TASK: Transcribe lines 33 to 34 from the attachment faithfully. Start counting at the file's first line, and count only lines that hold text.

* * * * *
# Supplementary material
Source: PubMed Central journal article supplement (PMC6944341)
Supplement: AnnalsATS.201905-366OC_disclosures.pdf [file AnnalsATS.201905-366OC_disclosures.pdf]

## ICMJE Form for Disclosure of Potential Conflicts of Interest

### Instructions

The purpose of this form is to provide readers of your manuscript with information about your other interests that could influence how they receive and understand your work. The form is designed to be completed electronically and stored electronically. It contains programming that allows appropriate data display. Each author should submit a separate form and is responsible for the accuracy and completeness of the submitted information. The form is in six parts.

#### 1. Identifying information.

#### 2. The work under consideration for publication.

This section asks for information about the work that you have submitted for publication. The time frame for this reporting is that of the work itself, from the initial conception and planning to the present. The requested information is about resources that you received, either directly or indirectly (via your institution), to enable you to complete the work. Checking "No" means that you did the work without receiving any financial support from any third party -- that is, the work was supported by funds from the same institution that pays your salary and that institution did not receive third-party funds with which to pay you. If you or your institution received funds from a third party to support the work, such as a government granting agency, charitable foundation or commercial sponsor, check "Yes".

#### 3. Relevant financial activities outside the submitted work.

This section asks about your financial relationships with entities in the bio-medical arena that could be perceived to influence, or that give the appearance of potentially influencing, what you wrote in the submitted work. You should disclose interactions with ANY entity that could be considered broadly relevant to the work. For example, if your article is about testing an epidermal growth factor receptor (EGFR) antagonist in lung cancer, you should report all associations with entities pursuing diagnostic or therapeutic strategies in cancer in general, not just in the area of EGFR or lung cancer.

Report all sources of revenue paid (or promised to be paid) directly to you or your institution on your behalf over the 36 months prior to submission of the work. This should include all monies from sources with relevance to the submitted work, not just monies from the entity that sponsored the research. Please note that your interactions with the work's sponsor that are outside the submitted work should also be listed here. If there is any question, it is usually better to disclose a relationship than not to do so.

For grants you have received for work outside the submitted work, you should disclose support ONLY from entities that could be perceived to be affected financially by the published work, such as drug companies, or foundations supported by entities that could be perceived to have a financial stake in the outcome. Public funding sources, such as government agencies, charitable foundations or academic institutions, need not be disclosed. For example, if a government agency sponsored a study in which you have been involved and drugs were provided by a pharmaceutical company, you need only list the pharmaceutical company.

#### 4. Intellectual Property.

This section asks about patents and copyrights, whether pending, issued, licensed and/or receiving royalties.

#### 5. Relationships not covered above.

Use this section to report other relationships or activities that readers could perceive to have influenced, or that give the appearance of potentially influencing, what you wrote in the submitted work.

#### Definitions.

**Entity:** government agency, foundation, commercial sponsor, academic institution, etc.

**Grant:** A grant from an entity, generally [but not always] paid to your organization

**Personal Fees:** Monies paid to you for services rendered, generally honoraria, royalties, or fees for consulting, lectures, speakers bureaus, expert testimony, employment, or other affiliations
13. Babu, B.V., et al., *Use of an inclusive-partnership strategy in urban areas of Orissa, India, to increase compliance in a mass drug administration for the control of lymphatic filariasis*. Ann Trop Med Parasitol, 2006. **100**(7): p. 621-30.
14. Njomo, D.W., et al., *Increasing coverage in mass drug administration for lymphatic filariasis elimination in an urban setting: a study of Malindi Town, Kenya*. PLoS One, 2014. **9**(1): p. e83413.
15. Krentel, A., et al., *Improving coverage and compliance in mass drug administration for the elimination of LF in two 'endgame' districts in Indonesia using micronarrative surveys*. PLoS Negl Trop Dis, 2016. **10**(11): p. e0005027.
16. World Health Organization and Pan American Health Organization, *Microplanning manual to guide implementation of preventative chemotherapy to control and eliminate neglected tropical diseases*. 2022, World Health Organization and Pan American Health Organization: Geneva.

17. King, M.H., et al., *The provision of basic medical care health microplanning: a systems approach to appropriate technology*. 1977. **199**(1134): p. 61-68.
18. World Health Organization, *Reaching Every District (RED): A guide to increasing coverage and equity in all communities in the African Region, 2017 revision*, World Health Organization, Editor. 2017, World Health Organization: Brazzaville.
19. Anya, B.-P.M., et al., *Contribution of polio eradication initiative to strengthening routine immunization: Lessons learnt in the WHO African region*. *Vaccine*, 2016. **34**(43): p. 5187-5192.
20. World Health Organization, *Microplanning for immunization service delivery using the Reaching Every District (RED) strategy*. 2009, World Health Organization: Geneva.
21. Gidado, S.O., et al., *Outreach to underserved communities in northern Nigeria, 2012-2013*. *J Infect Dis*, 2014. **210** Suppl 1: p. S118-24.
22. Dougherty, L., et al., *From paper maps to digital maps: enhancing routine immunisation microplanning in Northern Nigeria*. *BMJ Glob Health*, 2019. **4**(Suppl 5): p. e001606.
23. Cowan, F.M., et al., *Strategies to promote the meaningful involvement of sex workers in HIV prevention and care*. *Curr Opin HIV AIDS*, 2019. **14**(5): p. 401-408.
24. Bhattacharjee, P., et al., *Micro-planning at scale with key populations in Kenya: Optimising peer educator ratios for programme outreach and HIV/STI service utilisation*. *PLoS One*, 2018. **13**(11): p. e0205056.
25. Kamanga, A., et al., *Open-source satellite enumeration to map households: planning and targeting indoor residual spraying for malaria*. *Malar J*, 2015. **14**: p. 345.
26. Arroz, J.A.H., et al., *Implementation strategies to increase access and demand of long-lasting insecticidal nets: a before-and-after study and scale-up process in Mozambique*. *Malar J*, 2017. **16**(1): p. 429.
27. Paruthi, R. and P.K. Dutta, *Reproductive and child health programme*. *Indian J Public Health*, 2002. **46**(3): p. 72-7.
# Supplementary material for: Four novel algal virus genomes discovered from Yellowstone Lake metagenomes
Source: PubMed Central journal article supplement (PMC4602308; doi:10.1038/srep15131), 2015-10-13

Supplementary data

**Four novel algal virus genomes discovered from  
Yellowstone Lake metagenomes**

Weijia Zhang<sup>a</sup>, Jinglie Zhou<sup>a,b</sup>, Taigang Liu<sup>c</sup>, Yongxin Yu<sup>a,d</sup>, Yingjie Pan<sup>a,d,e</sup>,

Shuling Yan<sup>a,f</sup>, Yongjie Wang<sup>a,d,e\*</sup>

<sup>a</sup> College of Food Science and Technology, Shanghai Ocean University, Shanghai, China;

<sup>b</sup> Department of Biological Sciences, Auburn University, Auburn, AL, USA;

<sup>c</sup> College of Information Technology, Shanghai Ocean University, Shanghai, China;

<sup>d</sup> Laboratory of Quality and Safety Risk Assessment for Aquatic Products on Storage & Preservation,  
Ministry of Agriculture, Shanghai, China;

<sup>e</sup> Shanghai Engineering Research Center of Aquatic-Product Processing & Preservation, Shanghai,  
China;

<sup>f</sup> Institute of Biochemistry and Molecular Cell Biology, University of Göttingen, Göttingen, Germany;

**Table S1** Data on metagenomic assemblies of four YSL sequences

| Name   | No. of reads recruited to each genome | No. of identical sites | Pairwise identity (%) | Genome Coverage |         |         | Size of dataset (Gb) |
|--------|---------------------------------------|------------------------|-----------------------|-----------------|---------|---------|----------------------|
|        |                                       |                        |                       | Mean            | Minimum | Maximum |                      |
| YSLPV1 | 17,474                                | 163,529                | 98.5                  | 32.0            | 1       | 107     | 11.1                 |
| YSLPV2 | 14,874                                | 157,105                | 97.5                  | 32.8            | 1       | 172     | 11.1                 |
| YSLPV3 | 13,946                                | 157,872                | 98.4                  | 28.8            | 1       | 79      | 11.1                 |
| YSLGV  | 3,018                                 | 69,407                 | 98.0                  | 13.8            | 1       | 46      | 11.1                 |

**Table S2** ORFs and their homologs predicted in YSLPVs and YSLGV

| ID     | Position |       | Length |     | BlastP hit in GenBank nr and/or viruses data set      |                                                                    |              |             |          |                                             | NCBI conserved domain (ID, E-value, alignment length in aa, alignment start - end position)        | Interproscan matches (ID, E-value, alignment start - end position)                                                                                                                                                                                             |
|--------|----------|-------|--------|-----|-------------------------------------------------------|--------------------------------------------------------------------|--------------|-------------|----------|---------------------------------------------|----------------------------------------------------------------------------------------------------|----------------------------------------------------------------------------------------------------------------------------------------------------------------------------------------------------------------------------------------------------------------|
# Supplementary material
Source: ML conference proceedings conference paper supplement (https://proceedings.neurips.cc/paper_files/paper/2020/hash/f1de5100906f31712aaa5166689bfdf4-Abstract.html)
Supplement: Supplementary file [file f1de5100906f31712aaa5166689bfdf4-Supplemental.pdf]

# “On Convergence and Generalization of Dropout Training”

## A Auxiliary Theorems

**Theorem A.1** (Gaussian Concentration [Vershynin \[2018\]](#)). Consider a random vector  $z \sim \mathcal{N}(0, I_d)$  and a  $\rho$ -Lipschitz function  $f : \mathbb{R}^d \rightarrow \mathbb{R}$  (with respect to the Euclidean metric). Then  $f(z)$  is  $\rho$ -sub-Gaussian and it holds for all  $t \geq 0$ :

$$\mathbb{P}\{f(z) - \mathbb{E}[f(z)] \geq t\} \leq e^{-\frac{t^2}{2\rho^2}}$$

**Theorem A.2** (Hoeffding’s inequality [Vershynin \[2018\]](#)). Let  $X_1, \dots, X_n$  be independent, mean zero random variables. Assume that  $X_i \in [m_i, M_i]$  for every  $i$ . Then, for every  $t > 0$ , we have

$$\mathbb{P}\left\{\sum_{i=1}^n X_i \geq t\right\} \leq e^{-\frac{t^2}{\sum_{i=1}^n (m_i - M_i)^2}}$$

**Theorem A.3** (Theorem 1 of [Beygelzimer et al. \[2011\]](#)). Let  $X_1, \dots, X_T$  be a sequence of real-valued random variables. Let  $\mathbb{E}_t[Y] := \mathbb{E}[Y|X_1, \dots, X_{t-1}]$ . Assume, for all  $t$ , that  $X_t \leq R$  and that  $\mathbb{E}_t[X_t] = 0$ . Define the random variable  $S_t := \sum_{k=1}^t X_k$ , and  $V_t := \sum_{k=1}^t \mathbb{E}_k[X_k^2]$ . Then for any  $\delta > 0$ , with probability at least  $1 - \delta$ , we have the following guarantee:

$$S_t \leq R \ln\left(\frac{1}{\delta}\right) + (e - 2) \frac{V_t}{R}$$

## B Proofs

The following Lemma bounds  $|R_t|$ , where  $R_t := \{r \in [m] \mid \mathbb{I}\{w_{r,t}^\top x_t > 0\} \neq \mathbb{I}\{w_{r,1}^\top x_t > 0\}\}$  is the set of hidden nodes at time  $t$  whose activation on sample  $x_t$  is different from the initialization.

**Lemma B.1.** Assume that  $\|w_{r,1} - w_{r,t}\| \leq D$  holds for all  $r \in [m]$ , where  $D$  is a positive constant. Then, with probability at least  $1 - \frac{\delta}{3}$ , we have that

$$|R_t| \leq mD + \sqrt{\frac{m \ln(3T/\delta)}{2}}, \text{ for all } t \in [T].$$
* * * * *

24. Bhattacharjee, P., et al., *Micro-planning at scale with key populations in Kenya: Optimising peer educator ratios for programme outreach and HIV/STI service utilisation*. *PLoS One*, 2018. **13**(11): p. e0205056.
25. Kamanga, A., et al., *Open-source satellite enumeration to map households: planning and targeting indoor residual spraying for malaria*. *Malar J*, 2015. **14**: p. 345.